Usually when my family goes on vacation, I pack lots of games and activities. I often think I’ll use this “downtime” to slip in some math or something else equally “educationally important.” So I bring card games, board games, art supplies, and whatever else I can think of. All with the goal of enrichment. There’s room in the car, why not fill it?
This year, though, I decided to chill out. For my sake. For the kids’s sake. Mostly for my sake. I kept it simple. I packed only three games – Checkers, Chess, and Clue. I didn’t bring workbooks, not even the kind that don’t seem like workbooks . I didn’t lug a bag full of carefully curated library books. I told the kids to choose their own books. I didn’t even haul the collection of random LEGO pieces with us this time! I didn’t think through every possible scenario (what if it rains the entire time? what if they are bored with the same book? what if they get tired of Clue?) as I usually do. I just packed some stuff, and we left.
And you know what? We had a great vacation. Mathy moments aside (and there were mathy moments, because as we all know, math is everywhere), the kids were content to putter around and make do. Without the clutter of the stuff I usually bring, we settled into a relatively easy contentment with whatever came along.
Though I didn’t plan anything in particular, our vacation still managed to get mathy in many ways. Here’s how:
- We played a lot of mini-golf. This was old-school mini-golf. The kind where you have to hit the ball through a barn door or under a massive bunny rabbit. There were corners to hit around and wooden rails off which to ricochet. What’s so mathy about that? Angles, folks, angles. Just like in wall ball, we saw the effects of angles of reflection. Sometimes we were even skilled enough to use them to our advantage! There was also a lot of addition and number comparison going on as we kept meticulous score. The 8-year-old usually wins, because even though the 4-year-old is very skilled, he starts losing his composure around the 10th hole.
- We played a lot of skee-ball. I hate that in order to exit the mini-golf area, we have to walk through the arcade game area. But there is a bank of skee-ball games there, and I do love skee-ball! Now the kids love skee-ball, too. Their hand-eye coordination is pretty good, so they were competing against each other to add up the most points. There was time for the 8-year-old to consider which pockets to shoot for to earn the most points. The 4-year-old still won every time.
- We played more than a lot of Clue. Clue was the hands-down favorite board game of the entire week. Initially, I brought Clue because the kids love it (who can resist all those game pieces?!), but I really didn’t consider it’s math value. If anything, I saw the game as letter recognition practice, because the 4-year-old doesn’t know how to read yet. In order to play he has to spend a lot of time matching letters between his cards and his game sheet. Patience is required. As we played (over and over again), I happily realized that the game sheet in clue is really a logic grid. As you cross off people, places, and things for each player, you are making deductions, inferences, and conclusions. I can’t say that the kids always based their accusations on airtight logic, but they are learning.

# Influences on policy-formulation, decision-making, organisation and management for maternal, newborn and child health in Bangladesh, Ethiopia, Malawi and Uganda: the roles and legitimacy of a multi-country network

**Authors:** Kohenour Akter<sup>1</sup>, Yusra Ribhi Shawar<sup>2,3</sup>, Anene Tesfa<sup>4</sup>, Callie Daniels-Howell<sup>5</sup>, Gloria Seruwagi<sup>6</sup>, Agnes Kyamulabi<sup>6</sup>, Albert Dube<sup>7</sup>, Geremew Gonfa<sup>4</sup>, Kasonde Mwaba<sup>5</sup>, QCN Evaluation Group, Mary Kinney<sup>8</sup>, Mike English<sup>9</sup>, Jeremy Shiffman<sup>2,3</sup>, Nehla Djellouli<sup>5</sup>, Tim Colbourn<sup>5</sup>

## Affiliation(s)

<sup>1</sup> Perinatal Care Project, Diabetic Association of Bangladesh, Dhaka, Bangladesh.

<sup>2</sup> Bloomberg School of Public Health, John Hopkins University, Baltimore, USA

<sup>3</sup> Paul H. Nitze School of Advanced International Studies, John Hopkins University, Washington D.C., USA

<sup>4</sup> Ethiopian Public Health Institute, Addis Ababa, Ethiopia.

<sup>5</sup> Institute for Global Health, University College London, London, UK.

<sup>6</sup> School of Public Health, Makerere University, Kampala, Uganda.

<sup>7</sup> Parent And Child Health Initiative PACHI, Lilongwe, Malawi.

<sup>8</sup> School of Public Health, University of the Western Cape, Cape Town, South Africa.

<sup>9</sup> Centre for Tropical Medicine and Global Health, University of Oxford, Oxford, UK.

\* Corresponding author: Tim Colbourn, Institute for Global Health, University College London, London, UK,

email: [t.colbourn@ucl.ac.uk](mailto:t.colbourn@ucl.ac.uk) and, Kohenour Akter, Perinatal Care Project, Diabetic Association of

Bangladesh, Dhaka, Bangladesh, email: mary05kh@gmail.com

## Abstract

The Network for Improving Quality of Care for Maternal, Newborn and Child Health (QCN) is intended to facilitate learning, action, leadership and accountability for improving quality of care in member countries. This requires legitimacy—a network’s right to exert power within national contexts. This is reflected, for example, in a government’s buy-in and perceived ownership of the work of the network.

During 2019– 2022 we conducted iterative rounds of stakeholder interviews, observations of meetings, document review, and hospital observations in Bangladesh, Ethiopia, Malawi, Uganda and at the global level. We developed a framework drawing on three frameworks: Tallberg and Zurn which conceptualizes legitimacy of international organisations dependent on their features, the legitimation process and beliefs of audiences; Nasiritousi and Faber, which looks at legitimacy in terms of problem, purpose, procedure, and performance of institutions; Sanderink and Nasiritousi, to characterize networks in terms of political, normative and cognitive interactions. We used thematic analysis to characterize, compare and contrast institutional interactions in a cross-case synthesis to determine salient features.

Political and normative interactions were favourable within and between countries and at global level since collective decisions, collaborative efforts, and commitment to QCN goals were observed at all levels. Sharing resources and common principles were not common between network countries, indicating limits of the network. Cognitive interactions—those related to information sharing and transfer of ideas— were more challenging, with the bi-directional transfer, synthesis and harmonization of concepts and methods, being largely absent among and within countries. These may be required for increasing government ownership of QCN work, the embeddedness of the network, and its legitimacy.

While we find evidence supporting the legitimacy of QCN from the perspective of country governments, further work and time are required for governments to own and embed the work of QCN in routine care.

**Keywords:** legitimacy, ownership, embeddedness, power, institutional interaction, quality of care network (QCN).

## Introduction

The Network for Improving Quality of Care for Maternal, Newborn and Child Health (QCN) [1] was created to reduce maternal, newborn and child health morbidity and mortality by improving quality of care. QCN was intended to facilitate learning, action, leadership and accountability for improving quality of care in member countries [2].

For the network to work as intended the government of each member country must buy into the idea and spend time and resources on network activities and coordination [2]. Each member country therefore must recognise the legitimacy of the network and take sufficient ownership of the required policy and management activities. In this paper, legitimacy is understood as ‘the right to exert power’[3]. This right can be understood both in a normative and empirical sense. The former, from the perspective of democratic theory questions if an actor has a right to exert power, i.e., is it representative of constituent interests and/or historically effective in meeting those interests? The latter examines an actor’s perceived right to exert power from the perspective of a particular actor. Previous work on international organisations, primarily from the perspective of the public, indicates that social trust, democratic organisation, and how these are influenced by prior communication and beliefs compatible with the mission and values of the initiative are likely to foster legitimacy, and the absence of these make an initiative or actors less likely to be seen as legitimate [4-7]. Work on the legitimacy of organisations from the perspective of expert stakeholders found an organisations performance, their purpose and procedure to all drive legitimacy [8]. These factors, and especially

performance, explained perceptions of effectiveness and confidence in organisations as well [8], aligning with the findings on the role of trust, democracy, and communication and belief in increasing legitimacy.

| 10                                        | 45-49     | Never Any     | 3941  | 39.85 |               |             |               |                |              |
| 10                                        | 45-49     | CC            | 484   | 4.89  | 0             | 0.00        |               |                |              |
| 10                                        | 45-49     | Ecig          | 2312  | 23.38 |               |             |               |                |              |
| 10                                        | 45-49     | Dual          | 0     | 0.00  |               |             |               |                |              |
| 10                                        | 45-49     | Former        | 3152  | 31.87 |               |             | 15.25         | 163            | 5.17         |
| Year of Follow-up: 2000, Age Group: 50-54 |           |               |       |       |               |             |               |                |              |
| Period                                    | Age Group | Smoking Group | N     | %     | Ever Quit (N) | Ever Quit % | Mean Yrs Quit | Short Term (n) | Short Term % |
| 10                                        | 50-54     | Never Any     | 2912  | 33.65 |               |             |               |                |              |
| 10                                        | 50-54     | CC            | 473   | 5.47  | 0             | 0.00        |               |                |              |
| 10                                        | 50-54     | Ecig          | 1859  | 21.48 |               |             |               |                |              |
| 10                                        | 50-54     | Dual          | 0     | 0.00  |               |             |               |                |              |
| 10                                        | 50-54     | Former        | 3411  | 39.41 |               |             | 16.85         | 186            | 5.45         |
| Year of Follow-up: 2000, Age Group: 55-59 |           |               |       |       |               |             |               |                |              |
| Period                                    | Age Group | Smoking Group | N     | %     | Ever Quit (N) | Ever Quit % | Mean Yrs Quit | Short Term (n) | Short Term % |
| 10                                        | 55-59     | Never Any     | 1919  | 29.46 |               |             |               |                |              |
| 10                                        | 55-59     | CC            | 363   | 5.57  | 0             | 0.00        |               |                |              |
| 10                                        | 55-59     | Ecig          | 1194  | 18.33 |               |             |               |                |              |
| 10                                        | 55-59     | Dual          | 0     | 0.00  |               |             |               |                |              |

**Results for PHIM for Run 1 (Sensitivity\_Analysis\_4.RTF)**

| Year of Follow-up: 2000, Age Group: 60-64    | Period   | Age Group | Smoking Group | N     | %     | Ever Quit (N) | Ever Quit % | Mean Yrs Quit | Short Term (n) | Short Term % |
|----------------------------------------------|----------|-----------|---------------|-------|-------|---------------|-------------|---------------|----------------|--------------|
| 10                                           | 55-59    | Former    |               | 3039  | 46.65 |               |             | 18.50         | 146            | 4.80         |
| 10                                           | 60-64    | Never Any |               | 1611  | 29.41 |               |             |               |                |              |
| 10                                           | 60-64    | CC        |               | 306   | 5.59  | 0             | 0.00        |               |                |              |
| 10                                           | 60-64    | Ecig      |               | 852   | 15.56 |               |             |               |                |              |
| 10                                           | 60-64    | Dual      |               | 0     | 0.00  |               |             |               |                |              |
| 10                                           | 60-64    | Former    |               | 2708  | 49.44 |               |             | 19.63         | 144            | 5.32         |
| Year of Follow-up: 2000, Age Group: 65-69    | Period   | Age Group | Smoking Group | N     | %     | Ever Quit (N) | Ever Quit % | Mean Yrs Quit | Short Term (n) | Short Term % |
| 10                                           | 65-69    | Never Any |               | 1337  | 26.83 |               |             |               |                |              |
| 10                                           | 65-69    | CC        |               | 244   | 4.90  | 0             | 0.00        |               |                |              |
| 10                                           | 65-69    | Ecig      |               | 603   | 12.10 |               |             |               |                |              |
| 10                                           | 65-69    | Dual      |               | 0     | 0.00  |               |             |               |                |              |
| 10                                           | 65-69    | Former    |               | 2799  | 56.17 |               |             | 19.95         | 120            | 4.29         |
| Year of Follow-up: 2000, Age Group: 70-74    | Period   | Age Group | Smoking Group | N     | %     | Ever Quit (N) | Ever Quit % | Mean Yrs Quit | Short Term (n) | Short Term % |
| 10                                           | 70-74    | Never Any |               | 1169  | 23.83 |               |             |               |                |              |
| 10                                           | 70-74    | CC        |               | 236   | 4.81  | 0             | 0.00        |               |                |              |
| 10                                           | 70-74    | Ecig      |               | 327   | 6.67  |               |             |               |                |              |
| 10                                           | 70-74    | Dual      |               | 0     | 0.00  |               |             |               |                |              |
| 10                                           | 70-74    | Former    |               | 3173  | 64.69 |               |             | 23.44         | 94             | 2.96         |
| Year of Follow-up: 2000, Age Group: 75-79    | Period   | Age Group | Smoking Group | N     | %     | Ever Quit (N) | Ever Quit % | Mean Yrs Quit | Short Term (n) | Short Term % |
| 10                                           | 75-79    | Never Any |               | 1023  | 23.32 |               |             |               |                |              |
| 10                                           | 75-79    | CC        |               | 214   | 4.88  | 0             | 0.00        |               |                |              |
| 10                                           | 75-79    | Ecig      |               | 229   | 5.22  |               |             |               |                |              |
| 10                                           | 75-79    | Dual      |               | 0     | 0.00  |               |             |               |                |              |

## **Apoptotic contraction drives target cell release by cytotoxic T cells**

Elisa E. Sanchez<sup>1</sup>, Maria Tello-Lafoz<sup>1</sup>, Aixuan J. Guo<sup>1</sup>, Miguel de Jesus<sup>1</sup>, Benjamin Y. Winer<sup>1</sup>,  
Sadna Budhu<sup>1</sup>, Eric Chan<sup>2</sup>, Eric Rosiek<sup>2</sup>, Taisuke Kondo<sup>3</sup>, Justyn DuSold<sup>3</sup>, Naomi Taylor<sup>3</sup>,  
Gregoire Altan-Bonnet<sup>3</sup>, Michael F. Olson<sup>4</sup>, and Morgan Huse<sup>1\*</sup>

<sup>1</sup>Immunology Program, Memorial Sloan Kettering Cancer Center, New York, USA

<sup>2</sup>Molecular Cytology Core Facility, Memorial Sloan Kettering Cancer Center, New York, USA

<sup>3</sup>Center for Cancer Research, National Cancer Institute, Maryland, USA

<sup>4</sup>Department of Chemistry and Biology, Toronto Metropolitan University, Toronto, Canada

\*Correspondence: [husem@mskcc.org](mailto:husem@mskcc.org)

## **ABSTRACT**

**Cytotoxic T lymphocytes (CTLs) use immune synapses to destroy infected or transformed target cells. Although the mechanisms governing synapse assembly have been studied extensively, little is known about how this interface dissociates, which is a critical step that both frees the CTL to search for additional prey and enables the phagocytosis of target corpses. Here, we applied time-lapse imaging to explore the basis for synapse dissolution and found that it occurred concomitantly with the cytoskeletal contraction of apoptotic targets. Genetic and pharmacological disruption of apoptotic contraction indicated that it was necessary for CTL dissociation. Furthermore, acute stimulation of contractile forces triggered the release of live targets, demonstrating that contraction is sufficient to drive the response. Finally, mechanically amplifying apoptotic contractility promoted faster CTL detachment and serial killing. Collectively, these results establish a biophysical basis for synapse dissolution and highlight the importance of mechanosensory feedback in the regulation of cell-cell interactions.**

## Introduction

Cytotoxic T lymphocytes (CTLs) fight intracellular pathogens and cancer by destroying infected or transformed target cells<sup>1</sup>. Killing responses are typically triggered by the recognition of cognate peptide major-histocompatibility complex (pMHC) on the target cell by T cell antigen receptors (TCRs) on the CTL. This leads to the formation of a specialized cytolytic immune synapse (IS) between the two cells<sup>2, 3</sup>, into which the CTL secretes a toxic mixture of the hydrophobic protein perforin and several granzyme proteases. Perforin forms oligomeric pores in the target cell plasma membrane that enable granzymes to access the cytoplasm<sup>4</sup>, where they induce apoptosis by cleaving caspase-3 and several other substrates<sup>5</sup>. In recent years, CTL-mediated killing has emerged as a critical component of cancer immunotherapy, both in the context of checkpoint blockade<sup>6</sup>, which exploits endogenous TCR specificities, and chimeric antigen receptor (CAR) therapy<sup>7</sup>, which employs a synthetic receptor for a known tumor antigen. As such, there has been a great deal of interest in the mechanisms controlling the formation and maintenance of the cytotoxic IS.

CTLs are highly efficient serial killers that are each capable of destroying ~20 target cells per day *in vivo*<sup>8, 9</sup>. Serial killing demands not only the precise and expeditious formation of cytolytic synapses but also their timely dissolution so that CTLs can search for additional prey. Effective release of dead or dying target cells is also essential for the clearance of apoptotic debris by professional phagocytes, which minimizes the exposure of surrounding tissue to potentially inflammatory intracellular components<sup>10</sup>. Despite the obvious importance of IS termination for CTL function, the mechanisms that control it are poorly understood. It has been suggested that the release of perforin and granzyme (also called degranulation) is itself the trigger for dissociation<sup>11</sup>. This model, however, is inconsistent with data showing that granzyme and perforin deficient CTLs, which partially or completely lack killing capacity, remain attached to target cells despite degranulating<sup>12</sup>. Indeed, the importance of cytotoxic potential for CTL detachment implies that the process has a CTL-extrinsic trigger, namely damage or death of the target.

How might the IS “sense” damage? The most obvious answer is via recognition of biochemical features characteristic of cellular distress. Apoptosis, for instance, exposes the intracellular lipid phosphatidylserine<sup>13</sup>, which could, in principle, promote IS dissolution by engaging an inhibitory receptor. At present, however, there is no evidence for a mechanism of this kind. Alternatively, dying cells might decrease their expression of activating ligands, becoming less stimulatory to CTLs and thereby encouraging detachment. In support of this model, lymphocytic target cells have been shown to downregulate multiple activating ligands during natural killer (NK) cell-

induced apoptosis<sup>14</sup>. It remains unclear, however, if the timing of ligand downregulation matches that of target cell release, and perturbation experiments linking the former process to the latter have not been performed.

- We read a lot. I brought one Dr. Seuss book for bedtime reading. One Fish, Two Fish, Red Fish, Blue Fish. The 4-year-old made it mathy. I didn’t even plan that. The kid would stop my reading while he counted legs and humps and fingers on all the Seuss-y creatures we read about. We counted legs by twos. We counted humps by ones. We discussed counting fingers and how many we expected all together versus how many should be on each hand. It turns out you can preview the concept of number bonds by making a silly game out of imagining 3 fingers on one hand and 7 on the other…still have 10 all together!
- We biked a lot. What? How is that mathy? Circles, circumferences, and gears, that’s how. The bicycling got mathy when the 4-year-old wanted to try out a 20″ bike with gears and hand brakes, versus his 16″ bike with pedal brakes. He was thrilled when he felt the difference in power between the two bikes. On the larger bike with gears, he was able to keep up with the rest of the family with less work. Why?? (Okay, he didn’t really wonder why, but I told him anyway.) I pointed out that because the wheels were bigger, for every pedal stroke he took, the bike traveled farther. I pointed out that by changing the gears, he changed the gear ratio (the number of teeth on one gear compared to the number of teeth on the other gear) thereby making the pedals easier or harder to push. I didn’t say much else beyond that, but I am hopeful that because he loves riding his bike, he will be ready and willing to learn more about gear ratios in the near future.
So, without planning it at all, our vacation was mathy. No preparation really necessary. And packing for the return home was super easy!
(Mathematically…if you’re a parent who doesn’t see mathy moments in these daily activities, it’s okay. Of the activities I listed above, only my explanation of bike gears and ratios required prior knowledge. Everything else was happening regardless of my noticing it. The kids were learning by doing, whether or not they (or I) was aware of it.)